teachinginjapan: All of your teaching questions answered
Korea: Life, News, and Identity
/r/taiwan: Welcome to Taiwan!
VietNam
r/中国
Expats in China
Jobs in China
/r/TEFL - Teaching English Around the World to Speakers of Other Languages
 
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nice gaijin

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I figured that would draw out some comments, thank you for elaborating on it, @johnnyG! My own experience is a few years back now, and for China and Taiwan at least it's anecdotal to the friends I've had working there. The jobs are all different and the landscape changes extensively over the years, including opportunities for moonlighting for supplemental income (so the sky's the limit, as they say), but as of a few years back when I left Korea, saving $10k USD per year seems comfortably within reach as a baseline for anyone living within their means with little or no side work. If one finds themselves in a situation where they can't bank close to $800-1,000 per month, I'd say either their lifestyle is too extravagant for their income or they may want to consider a different place of employment. I'm loath to say that it'll be this way or that way with any certainty, so I average it out and say the deciding factor ought to hinge more on where someone wants to work and what kind of lifestyle they want to have. The point is taken on startup costs though, how much money one needs to hit the ground running is an important consideration if they don't have the funds to start with.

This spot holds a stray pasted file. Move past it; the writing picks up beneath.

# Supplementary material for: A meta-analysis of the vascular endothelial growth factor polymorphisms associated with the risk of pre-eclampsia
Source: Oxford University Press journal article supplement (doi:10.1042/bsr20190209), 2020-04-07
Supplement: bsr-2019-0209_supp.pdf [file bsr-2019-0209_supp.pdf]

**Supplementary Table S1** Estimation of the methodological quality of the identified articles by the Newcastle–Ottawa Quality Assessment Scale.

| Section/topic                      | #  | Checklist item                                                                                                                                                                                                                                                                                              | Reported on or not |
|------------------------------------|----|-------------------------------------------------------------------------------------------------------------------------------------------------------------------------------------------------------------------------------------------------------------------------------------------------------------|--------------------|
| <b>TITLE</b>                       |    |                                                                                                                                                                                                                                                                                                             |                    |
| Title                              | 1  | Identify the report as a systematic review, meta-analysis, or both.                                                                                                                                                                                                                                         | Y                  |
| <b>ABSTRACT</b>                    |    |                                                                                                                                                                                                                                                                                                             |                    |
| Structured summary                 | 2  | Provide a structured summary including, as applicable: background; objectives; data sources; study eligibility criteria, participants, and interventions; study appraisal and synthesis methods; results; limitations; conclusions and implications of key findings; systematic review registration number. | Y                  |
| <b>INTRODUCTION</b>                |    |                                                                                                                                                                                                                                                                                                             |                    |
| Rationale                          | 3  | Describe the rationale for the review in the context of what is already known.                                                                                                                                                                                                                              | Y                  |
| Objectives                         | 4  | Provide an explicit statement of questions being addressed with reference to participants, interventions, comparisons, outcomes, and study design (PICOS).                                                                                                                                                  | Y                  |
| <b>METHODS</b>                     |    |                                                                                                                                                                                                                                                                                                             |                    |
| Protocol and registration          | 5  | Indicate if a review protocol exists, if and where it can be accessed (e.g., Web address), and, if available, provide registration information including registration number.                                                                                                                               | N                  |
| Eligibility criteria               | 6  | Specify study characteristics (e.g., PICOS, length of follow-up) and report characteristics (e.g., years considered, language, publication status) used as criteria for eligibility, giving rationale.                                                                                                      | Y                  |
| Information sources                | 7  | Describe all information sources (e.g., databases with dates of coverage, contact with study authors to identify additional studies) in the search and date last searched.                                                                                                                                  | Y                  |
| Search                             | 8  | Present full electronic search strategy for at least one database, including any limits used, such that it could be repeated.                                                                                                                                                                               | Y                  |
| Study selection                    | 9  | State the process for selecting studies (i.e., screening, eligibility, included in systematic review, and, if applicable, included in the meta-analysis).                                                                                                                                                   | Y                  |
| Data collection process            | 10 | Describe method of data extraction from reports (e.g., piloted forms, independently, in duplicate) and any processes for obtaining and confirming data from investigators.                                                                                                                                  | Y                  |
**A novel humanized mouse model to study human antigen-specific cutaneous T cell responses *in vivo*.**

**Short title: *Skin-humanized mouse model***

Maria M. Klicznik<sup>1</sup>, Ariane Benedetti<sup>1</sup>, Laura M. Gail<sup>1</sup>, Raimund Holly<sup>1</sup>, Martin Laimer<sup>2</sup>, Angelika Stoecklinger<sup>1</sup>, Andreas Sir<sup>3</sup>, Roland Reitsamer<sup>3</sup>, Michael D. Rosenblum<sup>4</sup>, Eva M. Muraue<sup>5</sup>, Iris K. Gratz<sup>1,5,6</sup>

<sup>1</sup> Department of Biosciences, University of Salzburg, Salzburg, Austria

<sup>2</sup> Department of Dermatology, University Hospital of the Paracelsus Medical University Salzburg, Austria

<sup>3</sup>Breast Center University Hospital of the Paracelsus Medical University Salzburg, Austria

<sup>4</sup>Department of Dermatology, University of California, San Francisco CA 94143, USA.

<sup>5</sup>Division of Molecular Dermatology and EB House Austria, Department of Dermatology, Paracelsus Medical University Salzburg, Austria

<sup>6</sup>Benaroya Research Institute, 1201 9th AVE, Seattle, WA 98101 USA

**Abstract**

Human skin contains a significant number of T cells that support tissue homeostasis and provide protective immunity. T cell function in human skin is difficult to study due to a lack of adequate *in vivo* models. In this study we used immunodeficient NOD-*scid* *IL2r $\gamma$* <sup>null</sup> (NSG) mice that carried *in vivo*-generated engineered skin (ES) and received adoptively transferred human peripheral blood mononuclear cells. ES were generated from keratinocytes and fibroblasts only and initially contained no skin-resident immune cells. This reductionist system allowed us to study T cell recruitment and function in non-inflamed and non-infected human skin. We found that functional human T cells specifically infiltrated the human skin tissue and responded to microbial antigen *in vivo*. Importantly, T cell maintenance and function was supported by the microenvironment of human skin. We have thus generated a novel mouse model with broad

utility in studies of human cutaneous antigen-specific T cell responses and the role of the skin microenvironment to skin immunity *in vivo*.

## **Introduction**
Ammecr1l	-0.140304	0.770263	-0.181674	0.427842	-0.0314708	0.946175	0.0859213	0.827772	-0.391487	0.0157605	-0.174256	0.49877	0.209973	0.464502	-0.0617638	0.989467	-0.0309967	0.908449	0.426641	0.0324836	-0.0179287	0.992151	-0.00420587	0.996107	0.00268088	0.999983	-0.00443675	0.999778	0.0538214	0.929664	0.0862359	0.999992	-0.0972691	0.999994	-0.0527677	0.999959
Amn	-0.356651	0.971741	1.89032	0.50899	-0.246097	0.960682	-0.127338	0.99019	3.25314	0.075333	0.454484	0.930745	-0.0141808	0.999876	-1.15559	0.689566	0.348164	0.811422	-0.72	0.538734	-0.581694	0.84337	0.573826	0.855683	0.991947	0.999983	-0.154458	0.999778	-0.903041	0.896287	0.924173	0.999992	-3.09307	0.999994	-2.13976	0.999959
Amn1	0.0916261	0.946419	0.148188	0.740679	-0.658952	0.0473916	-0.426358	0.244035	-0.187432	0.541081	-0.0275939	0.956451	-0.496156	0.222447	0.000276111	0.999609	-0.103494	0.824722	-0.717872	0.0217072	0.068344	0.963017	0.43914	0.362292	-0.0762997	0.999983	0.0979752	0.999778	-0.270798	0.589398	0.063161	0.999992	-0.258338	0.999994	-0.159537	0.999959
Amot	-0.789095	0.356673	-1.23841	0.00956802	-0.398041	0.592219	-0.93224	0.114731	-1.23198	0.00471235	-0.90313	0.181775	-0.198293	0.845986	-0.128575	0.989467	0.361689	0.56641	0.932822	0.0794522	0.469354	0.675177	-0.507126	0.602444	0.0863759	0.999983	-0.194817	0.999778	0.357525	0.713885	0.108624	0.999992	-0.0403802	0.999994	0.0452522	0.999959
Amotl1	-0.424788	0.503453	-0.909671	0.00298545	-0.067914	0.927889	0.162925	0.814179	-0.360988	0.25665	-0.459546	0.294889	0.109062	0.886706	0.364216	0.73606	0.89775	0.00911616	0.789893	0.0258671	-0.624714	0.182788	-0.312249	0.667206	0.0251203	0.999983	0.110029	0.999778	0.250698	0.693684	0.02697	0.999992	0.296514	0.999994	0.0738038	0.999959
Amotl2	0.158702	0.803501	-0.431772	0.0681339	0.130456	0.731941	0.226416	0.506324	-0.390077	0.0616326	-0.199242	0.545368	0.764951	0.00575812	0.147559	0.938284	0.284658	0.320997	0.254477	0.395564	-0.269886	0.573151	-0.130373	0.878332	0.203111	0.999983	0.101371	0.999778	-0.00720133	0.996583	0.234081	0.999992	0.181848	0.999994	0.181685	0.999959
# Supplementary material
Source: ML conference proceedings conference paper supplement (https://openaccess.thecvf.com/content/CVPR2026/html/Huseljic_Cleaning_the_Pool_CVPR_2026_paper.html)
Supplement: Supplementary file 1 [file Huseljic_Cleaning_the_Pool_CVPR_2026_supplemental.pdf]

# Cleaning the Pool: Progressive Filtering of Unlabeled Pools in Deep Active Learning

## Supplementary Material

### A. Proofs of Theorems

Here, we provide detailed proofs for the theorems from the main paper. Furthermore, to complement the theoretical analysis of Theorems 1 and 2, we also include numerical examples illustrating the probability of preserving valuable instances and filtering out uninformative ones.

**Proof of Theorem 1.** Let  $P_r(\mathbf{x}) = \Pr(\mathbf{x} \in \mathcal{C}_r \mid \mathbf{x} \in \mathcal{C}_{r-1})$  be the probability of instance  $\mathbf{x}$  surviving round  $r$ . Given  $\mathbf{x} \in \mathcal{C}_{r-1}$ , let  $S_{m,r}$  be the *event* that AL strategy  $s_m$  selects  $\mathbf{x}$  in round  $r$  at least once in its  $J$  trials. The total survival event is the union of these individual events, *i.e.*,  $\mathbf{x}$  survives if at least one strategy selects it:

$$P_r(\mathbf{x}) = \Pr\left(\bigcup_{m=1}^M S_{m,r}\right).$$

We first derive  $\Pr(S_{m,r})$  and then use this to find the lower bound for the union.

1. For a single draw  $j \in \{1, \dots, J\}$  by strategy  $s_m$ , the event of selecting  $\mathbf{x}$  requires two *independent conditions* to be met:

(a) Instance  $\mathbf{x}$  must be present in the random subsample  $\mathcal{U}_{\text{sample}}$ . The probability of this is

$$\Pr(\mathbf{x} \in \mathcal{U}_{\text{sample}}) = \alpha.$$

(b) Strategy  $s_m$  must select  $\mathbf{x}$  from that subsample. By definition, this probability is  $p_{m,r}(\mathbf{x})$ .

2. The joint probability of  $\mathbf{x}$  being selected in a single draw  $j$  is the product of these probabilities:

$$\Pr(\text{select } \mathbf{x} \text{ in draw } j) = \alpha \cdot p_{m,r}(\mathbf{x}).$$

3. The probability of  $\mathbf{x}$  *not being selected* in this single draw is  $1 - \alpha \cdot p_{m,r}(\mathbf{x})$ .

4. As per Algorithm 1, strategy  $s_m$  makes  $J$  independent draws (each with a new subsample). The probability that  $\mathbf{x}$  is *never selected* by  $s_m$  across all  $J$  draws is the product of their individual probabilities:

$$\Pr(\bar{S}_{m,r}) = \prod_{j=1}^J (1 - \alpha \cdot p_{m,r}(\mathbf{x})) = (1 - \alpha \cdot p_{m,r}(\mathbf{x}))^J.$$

Personally, if I were still in the teaching game, I would probably be looking at Oman, as I have friends there with a good support network that can help me secure a reasonably good job, the cities seem to have all the necessary amenities, and there are plenty of outdoor activities nearby to satisfy my hobby needs. Sight unseen, however, I wouldn't sign any contracts just yet.
 

Buntaro

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Jack,

I taught for years in Japan and for years in China, and I have definite opinions on teaching in both countries.